Supreme Court skeptical of DOMA

Five justices question the act's constitutionality today. Will Kennedy swing the vote toward equality?

Published March 27, 2013 6:55PM (EDT)

During oral arguments on Wednesday, five of the Supreme Court justices, including Anthony Kennedy, expressed skepticism at the constitutionality of the Defense of Marriage Act, the law preventing same-sex couples from receiving federal benefits.

From the New York Times:

Justice Anthony M. Kennedy, widely considered the swing vote on the divided court, joined the four liberals in posing skeptical questions to a lawyer defending the law, which defines marriage as the union of a man and a woman for the purposes of more than 1,000 federal laws and programs.

“The question is whether or not the federal government under a federalism system has the authority to regulate marriage,” Justice Kennedy said during oral arguments, suggesting that the question should be left to the states. He disagreed with the contention that the federal law simply created a single definition for federal purposes, noting that same-sex couples are not treated the same as other married couples. “It’s not really uniformity,” he said.

Ruth Bader Ginsburg said that DOMA effectively created two types of marriage, "Full marriage and the skim-milk marriage.”

But before it can decide to strike down the law, the first question is whether the Court will decide that it has the jurisdiction to rule on the law on the merits. In this particular DOMA case, United States v. Windsor, a U.S. District Court and the 2nd Circuit declared the law unconstitutional, and the Obama administration agreed. But since the federal government is a party in the appeal, there is a question about whether there is even live dispute for the Court to rule on. (Also at issue is the standing of the Bipartisan Legal Advisory Group, the legal arm of the House of Representatives, which took up the defense of DOMA when the Obama administration decided it no longer would.)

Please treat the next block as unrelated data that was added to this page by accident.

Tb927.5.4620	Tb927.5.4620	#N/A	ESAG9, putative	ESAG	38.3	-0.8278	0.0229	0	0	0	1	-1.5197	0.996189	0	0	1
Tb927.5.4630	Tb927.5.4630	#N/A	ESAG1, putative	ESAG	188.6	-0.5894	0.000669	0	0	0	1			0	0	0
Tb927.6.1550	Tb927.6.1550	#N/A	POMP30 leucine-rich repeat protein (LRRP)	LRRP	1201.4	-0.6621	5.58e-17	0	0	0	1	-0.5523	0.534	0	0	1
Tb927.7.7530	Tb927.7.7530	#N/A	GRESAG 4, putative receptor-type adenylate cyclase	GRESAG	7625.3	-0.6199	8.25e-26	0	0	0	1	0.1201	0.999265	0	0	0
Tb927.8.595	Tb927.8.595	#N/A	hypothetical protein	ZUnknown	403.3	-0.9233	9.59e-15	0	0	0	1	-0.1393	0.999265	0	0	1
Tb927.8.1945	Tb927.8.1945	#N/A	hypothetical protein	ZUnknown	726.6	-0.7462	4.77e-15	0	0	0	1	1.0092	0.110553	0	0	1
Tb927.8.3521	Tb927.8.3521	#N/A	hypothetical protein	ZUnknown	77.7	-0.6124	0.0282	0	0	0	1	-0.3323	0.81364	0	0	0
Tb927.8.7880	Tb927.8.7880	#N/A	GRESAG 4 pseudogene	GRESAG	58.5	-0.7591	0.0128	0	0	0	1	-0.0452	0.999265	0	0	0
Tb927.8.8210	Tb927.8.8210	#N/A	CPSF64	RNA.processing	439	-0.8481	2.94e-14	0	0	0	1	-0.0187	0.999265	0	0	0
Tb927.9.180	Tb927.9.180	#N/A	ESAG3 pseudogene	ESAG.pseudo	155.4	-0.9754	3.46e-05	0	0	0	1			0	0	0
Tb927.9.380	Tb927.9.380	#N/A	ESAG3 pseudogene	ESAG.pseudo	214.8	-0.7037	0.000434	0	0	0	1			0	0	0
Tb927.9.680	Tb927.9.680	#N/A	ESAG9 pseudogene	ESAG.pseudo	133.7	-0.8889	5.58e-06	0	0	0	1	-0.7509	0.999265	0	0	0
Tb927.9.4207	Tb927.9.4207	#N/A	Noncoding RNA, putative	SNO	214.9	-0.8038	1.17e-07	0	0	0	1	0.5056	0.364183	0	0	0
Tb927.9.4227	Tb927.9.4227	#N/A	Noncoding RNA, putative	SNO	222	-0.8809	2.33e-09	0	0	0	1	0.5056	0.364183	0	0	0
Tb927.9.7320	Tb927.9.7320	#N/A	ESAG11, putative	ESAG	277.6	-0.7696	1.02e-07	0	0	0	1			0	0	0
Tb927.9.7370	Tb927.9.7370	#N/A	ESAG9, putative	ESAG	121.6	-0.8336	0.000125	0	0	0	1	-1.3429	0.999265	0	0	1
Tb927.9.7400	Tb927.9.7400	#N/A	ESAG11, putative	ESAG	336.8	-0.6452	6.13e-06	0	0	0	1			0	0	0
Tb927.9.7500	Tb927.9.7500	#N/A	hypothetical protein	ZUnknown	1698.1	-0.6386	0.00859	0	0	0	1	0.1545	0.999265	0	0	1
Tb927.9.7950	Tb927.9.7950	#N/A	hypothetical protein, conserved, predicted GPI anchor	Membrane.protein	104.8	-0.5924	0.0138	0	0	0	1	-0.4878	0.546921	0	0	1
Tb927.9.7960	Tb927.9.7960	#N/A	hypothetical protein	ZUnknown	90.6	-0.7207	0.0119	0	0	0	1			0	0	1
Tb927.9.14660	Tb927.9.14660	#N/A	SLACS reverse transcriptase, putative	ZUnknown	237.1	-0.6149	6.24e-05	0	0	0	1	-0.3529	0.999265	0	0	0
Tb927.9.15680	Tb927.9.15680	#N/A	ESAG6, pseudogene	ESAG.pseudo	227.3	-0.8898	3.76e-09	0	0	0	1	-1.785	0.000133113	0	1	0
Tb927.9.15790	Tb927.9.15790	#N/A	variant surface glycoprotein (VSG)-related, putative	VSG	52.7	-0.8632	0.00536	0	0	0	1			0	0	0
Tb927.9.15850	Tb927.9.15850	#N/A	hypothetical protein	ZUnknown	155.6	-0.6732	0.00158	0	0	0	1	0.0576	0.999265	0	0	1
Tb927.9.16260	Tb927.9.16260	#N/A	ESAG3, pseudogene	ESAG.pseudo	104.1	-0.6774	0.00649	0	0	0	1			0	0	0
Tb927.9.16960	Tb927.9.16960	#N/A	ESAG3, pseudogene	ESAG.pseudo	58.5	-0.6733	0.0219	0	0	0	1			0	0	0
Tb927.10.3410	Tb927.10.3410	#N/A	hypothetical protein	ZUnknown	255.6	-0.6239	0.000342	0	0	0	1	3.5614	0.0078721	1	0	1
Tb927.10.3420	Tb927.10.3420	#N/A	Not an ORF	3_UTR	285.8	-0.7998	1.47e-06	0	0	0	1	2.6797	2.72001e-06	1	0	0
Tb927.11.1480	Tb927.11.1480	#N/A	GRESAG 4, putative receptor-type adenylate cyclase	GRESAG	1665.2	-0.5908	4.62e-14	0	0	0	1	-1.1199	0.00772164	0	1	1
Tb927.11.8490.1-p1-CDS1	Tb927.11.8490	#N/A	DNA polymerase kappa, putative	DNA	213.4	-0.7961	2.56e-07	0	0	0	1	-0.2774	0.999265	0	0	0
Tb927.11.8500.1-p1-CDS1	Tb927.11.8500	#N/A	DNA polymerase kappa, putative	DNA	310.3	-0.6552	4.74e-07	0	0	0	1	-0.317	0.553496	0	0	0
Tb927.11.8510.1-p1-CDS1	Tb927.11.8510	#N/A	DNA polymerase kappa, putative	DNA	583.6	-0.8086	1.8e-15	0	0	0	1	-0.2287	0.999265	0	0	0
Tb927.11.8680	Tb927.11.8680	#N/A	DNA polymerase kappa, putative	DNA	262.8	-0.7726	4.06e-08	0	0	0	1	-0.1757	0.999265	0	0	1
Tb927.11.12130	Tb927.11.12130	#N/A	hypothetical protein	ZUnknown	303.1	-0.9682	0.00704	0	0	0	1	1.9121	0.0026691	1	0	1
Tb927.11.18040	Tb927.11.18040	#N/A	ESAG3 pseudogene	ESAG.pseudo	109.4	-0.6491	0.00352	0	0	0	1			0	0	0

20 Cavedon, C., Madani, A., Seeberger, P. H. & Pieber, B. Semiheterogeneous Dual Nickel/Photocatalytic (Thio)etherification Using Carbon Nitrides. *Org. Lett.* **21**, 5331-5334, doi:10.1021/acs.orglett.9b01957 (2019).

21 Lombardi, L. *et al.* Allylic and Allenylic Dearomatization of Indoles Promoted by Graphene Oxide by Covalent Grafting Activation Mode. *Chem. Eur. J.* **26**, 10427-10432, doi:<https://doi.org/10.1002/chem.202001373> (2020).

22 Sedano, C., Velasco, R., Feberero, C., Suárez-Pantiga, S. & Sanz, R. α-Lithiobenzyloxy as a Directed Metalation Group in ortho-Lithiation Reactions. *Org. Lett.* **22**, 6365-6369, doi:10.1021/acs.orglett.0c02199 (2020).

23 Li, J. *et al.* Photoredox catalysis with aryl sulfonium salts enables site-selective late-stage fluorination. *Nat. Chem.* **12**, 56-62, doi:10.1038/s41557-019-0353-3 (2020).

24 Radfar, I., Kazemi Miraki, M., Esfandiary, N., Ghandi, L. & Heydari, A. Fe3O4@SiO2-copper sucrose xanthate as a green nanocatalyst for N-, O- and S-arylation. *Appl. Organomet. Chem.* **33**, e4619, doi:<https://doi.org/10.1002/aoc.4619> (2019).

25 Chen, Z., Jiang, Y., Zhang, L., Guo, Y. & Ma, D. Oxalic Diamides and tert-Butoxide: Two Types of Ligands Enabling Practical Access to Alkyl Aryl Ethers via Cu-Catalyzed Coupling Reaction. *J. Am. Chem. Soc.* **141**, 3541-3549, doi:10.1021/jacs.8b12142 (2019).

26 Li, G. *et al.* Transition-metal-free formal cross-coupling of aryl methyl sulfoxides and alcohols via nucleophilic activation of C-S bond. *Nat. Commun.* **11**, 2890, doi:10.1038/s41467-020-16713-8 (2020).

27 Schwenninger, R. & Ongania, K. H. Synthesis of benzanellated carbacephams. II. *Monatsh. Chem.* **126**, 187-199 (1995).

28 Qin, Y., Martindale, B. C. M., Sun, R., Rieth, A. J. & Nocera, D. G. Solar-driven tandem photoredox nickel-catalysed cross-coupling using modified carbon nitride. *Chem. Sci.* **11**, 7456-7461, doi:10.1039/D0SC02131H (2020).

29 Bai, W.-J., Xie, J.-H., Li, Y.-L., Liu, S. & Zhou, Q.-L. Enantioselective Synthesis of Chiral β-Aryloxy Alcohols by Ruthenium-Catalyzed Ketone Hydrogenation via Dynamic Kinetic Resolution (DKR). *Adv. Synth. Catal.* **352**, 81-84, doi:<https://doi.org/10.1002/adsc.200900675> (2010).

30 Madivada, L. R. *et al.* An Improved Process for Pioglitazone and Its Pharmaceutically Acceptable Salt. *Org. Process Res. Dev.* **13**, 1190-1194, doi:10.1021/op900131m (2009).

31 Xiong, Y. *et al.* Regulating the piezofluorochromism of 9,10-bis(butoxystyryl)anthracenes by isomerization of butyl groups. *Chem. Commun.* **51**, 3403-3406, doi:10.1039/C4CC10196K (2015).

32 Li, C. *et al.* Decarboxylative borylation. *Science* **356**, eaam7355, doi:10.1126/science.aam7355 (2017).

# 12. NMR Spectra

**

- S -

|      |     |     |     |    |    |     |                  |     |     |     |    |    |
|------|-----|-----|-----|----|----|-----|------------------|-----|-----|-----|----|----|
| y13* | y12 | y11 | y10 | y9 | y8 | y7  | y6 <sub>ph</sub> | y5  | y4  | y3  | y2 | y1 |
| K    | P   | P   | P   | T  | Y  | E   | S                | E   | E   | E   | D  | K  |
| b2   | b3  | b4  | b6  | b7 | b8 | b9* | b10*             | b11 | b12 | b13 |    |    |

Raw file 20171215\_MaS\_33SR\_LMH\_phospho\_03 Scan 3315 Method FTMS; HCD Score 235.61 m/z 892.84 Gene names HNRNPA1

From Lyle Denniston at SCOTUSBlog:

The Justices seemed somewhat at odds over whether they do have the authority to go ahead with this case, so the possibility remained that the Court in the end could choose not to decide the merits of the law’s validity.  That portion of the argument focused on just who in Congress, if anyone, could be in court to defend a federal law when the executive branch chose not to do so.

Justice Kennedy seemed to be leaning toward finding that there did exist a live controversy — between the government and Mrs. Windsor, over whether she is entitled to a refund of an estate tax she paid on her late spouse’s estate.   But Chief Justice John G. Roberts, Jr., commented that the Court had never ruled on a case in which all of the parties involved agreed — as he suggested would be the case with the government and Ms. Windsor sharing their opposition to DOMA.

Roberts wondered if there was "any case where all parties agreed with the decision below," but a court "nonetheless" decided that the party had standing in the case. Roberts and Kennedy also both asked why the Obama administration continues to enforce DOMA. “I don’t see why [Obama] doesn’t have the courage of his convictions,” Roberts said.

By Jillian Rayfield

Jillian Rayfield is an Assistant News Editor for Salon, focusing on politics. Follow her on Twitter at @jillrayfield or email her at

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